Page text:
Study limitations

The literature review revealed a dearth of quality studies of HAT test accuracy, with the exception of the CATT-wb. Many were imprecise (only two presented a sample size rationale) and featured less than optimal gold standards. The mAECT, used in a variety of programmes, appears to be supported by only one large study, and for the QBC only one study was found. This uncertainty may introduce information bias in the construction of accuracy distributions. More specifically, the adoption of specificity estimates for the CATT from populations from non-endemic areas may have led to overly optimistic estimates (this was partly addressed in the worst case scenario analysis).

Our method of constructing accuracy distributions attempts to use existing data with minimal assumptions about their parametric form. Arguably, meta-analysis could have been used instead, with distributions provided by the confidence intervals of the summary estimates from pooled studies. However, preliminary analysis showed evidence of heterogeneity in study estimates for several HAT tests: under these conditions, meta-analysis is discouraged. Furthermore, there is lack of consensus on appropriate methods for meta-analysis of diagnostic test studies [39], [40].

Bayesian approaches to diagnostic accuracy estimation [41], [42], which do not require a gold standard, could be a useful alternative to the method used here, and should also be explored.

More generally, this study's theoretical estimates overlook some practical realities of field work. For example, algorithms are sometimes not performed as indicated (e.g. gland palpation may be skipped due to heavy workload); some diagnostic decisions are taken on clinical grounds (though probably rarely), overriding laboratory results; and patient attrition is an issue (e.g. suspect follow-up rates are generally low). Thus, the algorithms' accuracy in routine conditions may be higher or lower than our estimates, the latter being more likely.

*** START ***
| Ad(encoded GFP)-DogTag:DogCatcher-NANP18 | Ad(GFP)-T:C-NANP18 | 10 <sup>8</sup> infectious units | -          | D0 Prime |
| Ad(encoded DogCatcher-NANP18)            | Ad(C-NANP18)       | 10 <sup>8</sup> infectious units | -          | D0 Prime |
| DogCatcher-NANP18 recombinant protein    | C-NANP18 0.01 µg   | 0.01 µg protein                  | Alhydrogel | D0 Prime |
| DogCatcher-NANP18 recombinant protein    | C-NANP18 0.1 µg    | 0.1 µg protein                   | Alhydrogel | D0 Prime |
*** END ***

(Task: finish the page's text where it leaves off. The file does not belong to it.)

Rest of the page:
Algorithms using non-parasitological diagnosis have lower specificity leading to varying degrees of overtreatment. Overestimation of disease burden could be avoided by excluding individuals diagnosed serologically from the case counts. Differences between active and passive screening should be considered. Ways to improve sensitivity include follow-up of serological suspects and repeat blood parasitological testing. This study highlights the urgent need to pursue research on new HAT diagnostics [43]. Improved tests should ideally replace most of the present algorithms, and be feasible in outpatient settings (e.g. as simple serological rapid tests), thus enabling integration of HAT services [44]. In the present scenario of falling prevalence, any new tests will need to be practically 100% specific. However, high sensitivity will remain necessary to maximise the chances of elimination. No single algorithm will be appropriate for all epidemiological settings: rather, our study demonstrates the value of estimating the accuracy of the algorithm as a whole, and could be replicated in a variety of prevalence scenarios, or integrated in a cost-effectiveness analysis that would help control programmes, particularly those working with limited resources, optimise the use of available diagnostics.

Supporting Information

Text S1.

Model equations and results of the diagnostic literature review.




We are grateful to Veerle Lejon for advice.

Author Contributions

Conceived and designed the experiments: FChecchi FChappuis DC. Performed the experiments: FChecchi. Analyzed the data: FChecchi. Contributed reagents/materials/analysis tools: FChappuis UK GP. Wrote the paper: FChecchi FChappuis UK GP DC.